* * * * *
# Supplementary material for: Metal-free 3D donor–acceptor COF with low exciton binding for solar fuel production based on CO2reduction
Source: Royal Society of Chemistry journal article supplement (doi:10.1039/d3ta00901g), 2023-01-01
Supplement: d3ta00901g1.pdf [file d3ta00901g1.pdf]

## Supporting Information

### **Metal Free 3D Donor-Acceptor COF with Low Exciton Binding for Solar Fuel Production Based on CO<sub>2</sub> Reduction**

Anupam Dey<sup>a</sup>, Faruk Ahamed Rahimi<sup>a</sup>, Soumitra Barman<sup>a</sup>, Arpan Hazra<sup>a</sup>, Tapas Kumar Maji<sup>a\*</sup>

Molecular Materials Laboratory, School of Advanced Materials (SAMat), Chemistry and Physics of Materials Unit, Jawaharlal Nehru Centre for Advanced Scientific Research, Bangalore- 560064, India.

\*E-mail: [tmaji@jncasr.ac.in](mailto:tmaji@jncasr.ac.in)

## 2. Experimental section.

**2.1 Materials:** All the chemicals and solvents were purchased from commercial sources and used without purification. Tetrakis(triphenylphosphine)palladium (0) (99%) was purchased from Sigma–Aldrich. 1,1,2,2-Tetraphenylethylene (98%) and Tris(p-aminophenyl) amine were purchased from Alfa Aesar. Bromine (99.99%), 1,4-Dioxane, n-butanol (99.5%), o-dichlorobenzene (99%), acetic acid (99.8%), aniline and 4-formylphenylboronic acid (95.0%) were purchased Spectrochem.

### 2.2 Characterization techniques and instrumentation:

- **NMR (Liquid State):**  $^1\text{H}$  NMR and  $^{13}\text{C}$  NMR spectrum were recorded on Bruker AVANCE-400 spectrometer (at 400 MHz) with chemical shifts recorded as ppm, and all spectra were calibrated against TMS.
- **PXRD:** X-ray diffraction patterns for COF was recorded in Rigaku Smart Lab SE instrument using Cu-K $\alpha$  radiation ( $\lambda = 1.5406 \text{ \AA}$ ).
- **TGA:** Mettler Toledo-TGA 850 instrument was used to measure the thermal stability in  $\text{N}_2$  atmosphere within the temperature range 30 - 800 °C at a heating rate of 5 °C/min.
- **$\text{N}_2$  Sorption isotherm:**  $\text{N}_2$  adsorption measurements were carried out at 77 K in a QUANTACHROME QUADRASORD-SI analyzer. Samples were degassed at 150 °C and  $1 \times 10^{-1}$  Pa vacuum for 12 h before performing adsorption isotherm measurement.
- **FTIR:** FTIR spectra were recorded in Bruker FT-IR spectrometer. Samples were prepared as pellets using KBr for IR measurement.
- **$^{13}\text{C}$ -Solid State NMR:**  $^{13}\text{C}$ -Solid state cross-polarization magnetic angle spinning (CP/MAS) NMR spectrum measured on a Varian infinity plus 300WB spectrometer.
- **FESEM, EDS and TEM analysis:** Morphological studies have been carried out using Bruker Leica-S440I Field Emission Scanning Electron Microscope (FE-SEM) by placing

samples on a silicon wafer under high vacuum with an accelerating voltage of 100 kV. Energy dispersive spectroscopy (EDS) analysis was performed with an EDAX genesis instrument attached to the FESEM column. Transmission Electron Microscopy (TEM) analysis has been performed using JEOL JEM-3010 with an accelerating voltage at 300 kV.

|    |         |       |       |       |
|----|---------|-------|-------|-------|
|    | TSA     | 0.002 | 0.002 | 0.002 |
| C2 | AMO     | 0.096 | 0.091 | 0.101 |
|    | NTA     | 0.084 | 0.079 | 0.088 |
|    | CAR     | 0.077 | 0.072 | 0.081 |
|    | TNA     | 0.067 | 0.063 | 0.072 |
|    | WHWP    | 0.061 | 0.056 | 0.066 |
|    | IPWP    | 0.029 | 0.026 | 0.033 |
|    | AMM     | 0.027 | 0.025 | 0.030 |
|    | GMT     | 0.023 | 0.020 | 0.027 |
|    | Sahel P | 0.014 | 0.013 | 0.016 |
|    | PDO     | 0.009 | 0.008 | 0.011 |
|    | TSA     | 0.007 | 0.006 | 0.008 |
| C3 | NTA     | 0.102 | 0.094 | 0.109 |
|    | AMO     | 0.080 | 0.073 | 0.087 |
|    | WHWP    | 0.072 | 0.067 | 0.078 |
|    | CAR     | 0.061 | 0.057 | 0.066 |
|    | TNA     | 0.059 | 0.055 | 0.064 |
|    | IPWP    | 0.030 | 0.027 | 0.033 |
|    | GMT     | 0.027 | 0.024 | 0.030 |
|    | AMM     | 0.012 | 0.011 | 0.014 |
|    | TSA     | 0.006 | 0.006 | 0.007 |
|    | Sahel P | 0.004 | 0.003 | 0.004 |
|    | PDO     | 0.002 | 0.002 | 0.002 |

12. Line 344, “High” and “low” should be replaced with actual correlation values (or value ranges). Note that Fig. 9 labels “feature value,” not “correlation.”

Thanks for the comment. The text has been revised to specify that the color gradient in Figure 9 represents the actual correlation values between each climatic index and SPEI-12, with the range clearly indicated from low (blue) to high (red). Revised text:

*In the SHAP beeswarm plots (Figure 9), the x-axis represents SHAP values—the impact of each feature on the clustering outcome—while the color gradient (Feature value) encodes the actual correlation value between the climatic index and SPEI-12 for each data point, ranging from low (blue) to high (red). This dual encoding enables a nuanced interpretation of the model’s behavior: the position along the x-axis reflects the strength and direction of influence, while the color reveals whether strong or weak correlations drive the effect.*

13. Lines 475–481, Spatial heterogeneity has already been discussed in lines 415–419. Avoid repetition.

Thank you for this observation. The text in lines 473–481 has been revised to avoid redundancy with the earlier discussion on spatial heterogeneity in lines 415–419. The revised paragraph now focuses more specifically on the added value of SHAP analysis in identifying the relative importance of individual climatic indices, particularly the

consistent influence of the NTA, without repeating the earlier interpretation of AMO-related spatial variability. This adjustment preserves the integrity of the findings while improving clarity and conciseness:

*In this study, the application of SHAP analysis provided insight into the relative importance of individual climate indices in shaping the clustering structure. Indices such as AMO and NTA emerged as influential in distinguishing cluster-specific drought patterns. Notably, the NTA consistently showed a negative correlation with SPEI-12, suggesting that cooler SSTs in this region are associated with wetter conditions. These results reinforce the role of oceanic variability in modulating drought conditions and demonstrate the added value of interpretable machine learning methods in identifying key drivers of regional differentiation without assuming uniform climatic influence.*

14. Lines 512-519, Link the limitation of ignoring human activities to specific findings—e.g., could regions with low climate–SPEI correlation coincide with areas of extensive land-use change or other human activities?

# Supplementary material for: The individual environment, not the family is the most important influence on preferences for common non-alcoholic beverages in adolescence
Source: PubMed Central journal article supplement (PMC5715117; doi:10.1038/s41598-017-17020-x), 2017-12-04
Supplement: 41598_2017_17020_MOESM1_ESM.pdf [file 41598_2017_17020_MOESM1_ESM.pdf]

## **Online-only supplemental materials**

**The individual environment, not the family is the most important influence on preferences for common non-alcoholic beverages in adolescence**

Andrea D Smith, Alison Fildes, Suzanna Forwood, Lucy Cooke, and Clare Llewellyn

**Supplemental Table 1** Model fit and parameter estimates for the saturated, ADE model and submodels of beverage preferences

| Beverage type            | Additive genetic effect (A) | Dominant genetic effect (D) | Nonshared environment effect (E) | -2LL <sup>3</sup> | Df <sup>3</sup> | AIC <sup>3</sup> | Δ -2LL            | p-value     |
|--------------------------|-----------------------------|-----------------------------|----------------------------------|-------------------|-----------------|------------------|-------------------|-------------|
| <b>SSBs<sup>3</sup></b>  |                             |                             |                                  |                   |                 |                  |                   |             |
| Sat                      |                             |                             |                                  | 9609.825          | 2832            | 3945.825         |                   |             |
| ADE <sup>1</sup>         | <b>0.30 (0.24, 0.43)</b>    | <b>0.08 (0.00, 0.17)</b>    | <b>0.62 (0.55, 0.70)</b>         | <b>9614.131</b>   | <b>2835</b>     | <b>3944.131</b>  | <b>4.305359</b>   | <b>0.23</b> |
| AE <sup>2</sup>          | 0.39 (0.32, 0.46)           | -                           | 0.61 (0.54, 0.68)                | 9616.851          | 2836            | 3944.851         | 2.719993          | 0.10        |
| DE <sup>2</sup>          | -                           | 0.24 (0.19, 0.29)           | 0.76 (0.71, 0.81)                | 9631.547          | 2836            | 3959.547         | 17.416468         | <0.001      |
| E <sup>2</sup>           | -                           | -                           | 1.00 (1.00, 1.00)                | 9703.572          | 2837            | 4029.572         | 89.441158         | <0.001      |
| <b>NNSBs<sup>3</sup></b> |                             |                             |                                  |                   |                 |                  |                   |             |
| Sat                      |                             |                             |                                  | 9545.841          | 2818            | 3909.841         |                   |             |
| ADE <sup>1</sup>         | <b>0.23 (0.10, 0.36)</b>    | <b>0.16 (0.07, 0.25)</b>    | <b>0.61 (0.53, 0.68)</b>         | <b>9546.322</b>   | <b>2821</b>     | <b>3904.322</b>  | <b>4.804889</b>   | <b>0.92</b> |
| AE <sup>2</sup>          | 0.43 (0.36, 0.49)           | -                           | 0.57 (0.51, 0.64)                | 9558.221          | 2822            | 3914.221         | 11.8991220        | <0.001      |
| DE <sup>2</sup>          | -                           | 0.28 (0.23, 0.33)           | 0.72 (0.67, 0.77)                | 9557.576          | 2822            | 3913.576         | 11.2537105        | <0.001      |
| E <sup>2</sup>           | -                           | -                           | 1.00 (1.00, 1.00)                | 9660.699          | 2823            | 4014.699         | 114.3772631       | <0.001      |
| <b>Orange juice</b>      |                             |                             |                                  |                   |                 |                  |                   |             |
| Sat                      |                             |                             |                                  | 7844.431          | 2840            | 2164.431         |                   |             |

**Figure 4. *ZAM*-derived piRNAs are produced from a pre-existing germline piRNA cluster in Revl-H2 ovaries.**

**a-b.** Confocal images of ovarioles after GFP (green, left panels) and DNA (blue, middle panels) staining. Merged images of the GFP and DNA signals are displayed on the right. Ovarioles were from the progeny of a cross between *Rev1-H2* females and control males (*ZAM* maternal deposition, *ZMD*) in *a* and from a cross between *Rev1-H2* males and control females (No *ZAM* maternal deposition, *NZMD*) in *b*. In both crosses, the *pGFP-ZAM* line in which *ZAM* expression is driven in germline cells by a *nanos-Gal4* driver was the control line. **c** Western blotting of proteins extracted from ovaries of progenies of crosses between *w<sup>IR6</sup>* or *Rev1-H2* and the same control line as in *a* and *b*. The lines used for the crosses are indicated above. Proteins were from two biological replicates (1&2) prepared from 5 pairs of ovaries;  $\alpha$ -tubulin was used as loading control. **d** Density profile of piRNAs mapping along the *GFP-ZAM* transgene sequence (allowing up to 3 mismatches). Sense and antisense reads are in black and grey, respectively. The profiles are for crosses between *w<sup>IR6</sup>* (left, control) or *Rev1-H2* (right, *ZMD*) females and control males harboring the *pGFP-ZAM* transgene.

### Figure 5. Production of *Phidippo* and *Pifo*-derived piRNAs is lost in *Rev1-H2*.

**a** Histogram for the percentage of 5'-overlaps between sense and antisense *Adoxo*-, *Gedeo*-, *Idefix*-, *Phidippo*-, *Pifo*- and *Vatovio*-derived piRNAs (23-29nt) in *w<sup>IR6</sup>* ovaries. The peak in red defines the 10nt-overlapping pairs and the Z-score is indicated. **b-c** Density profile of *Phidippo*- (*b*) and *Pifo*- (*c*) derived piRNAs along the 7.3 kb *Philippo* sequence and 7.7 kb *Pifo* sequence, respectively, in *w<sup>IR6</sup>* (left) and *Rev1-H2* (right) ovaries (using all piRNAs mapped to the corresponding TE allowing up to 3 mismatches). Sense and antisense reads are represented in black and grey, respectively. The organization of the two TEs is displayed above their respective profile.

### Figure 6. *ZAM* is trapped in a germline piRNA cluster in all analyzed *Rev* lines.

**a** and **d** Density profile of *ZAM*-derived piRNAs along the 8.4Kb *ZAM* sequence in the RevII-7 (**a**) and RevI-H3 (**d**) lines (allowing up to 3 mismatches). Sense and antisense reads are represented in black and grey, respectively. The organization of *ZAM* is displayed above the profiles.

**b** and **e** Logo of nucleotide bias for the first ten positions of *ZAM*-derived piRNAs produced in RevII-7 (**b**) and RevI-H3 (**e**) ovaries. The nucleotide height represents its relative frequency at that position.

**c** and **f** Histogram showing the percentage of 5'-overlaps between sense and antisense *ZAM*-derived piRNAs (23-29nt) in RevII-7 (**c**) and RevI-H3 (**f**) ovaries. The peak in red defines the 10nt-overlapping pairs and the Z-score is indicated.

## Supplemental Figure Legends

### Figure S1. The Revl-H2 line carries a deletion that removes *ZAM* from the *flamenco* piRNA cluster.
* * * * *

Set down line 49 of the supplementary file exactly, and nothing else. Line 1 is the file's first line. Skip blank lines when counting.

Thank you for this observation. The text in lines 473–481 has been revised to avoid redundancy with the earlier discussion on spatial heterogeneity in lines 415–419. The revised paragraph now focuses more specifically on the added value of SHAP analysis in identifying the relative importance of individual climatic indices, particularly the